I stopped at the first ber in the second ward.  He had pulled his sheet up over his face.  I wanted him to see me but didn't want to awaken him even though he was one of my favorite patients.  He was a large man; a policeman, in his mid thirties.  We had put some metal pins through his broken bones on his right leg and then stabilized it with an external brace.  He had a wife and two young daughters.  His wife was giving the girls a bath when the quake hit.  For two days, the he was trapped, not knowing whether his wife and children were alive or not.  Even when some men found him and pounded the concrete off his body to free him, he did not know.  He didn't know for sure they had died until he looked back at the rest of the house and realized the slab of roof had completely crushed the bathroom portion of his home.  He had been with us three days in the hospital but didn't speak much to anybody.  I can only imagine what keeps going through his mind.  I can't imagine how I would react if my wife and all my children were suddenly taken away from me.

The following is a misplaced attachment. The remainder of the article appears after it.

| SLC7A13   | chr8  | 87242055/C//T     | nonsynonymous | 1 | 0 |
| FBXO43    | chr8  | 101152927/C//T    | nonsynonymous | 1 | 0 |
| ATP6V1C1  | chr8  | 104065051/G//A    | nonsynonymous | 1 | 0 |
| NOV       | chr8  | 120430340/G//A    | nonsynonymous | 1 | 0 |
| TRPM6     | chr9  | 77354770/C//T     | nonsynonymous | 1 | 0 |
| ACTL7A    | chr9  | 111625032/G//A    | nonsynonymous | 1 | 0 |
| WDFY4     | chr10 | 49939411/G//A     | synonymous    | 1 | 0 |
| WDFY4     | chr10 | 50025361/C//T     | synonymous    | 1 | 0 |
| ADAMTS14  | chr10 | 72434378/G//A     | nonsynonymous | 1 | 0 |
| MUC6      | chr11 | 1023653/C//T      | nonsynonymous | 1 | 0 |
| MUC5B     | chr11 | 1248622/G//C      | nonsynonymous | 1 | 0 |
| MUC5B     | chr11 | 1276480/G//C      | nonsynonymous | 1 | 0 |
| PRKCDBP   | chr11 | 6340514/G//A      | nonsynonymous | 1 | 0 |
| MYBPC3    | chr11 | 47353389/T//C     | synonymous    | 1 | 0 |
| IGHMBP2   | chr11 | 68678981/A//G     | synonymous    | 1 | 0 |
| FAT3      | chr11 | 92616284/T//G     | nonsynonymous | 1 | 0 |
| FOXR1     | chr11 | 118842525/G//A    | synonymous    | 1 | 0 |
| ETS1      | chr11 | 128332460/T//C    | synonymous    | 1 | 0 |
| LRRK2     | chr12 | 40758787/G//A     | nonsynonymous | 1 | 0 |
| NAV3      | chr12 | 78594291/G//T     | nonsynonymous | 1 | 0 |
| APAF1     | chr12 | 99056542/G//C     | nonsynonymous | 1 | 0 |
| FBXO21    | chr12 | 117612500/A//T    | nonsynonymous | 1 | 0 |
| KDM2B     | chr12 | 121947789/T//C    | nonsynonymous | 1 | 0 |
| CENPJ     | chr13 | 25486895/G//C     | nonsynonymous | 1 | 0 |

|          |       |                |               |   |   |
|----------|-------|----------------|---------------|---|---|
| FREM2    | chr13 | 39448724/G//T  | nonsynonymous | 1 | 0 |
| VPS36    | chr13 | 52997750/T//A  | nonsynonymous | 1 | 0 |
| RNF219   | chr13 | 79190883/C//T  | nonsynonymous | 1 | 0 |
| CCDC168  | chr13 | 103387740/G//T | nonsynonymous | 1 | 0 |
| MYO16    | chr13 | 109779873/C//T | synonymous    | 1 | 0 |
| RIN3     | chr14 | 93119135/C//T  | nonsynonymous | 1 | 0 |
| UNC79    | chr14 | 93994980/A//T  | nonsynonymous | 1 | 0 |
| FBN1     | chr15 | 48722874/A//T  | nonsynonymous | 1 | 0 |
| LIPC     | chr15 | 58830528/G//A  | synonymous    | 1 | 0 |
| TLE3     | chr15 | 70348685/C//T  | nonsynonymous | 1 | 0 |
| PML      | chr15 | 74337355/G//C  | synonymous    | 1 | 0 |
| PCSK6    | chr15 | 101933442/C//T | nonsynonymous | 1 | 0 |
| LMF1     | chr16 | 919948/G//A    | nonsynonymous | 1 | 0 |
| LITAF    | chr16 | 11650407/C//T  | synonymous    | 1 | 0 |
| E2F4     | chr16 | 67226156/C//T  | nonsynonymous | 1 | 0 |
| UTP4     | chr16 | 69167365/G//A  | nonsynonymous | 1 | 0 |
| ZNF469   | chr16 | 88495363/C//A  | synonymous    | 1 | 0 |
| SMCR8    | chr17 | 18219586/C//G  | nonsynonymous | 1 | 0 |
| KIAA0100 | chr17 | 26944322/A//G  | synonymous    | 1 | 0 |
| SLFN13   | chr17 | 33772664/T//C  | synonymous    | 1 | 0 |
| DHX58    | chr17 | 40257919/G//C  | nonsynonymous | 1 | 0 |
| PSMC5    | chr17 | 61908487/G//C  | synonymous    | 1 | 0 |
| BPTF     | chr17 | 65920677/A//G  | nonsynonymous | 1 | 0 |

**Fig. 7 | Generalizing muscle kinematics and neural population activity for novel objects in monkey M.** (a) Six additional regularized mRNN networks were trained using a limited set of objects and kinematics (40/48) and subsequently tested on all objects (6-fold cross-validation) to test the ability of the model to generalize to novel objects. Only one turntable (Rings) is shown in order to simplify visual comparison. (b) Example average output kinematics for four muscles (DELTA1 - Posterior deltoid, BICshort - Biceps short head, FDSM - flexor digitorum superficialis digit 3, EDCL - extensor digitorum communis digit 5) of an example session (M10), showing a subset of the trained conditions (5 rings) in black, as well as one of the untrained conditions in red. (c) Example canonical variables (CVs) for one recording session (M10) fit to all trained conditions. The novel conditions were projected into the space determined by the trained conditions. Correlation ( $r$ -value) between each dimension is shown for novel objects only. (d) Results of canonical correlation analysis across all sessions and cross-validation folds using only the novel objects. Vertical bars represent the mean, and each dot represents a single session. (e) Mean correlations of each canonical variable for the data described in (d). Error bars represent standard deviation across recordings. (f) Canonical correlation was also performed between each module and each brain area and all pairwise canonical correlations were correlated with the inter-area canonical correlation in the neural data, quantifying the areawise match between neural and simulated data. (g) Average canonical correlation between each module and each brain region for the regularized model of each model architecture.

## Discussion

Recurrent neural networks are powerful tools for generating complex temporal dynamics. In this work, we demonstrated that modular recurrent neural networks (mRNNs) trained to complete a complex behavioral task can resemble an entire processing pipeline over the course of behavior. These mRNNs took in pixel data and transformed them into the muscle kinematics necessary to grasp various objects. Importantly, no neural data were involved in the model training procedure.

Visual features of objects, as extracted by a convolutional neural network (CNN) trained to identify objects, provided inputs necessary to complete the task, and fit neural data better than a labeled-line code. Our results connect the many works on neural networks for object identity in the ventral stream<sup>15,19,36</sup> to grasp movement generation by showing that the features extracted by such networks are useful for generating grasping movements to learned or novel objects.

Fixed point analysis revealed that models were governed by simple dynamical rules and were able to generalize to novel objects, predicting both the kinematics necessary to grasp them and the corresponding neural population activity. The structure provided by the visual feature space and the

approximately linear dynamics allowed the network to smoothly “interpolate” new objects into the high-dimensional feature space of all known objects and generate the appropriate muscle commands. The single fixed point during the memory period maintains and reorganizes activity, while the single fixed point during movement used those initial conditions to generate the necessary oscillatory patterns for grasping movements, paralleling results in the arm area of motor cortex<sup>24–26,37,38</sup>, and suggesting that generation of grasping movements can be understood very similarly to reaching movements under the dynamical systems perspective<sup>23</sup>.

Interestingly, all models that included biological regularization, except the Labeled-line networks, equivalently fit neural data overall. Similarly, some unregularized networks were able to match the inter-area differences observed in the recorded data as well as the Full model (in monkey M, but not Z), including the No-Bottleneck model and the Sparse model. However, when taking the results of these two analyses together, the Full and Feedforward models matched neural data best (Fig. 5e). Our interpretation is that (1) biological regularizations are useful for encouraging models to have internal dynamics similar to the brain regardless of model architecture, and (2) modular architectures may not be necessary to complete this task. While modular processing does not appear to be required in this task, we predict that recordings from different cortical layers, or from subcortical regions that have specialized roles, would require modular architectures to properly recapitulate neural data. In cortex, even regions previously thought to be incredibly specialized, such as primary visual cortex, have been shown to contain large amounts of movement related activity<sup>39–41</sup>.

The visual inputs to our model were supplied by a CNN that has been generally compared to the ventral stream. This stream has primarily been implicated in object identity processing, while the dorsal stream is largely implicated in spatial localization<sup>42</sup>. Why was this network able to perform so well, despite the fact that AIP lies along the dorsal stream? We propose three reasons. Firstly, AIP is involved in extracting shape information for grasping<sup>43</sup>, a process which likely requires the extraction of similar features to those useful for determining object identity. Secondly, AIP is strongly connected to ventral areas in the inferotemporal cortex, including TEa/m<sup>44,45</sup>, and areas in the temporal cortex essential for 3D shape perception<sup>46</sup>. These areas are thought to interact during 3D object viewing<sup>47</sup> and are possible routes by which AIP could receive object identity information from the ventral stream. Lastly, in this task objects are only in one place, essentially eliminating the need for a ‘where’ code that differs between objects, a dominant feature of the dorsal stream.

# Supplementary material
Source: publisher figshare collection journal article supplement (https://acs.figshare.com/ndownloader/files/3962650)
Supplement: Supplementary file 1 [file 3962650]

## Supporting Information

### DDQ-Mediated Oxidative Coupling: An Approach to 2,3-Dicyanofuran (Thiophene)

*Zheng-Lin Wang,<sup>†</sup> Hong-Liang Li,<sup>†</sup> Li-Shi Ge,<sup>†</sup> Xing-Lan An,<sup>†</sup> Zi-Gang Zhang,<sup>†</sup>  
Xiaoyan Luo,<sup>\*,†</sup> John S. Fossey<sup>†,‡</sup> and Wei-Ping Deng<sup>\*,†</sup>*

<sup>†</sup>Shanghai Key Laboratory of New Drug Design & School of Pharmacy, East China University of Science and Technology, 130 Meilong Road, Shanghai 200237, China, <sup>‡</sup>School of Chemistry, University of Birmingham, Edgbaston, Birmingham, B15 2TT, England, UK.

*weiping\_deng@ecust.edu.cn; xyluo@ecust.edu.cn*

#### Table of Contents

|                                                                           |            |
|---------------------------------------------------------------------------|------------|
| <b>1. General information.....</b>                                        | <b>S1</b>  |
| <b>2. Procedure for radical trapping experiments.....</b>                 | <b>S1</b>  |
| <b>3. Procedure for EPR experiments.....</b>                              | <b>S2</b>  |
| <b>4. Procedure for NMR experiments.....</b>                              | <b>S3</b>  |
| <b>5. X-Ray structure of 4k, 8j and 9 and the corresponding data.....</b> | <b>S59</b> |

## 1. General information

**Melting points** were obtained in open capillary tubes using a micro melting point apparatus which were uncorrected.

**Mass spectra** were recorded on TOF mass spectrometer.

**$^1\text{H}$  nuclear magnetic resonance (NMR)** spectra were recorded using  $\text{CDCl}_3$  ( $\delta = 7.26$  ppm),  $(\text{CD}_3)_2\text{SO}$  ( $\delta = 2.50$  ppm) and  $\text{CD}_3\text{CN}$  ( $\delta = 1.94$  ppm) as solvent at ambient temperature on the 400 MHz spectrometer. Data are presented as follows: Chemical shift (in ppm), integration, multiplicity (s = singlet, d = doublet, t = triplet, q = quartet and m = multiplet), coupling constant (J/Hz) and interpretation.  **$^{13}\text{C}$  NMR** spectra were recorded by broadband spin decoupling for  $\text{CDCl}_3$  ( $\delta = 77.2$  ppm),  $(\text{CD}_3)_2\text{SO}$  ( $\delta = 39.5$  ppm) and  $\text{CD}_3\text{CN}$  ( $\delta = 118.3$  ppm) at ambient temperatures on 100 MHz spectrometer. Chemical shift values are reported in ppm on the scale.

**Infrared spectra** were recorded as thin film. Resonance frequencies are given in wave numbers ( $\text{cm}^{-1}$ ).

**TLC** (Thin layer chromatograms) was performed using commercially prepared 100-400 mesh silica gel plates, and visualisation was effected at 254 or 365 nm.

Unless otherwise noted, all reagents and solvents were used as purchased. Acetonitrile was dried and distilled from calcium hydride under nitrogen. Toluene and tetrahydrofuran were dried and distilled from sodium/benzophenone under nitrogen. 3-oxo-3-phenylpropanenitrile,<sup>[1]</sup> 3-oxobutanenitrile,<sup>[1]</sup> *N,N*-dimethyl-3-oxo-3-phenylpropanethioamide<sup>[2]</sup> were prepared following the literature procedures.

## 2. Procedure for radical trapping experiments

And a few beds down were the man with the little three-year-old boy who had lost part of his arm.  The man's wife and two children had died in the quake.  He kept telling me through the interrupter that his wife was thirty-two years old.  Thirty-two he kept saying. I remember him sitting and holding his boy all day in his lap as if he wanted to make certain he didn't loose him.  We had tried to discharge him earlier in the day but he had no money and nowhere to go.  At least at the hospital they received one meal a day.  We needed his bed for other patients but yet couldn't make him leave for some reason...

(Dick has a longer reflection of multiple patients. These were just some stories that remind you of the families torn apart in a moment's time.)

Reflections from a Clinical Research Nurse Trainer, Vanderbilt University -- at GHESKIO Clinic: Port au Prince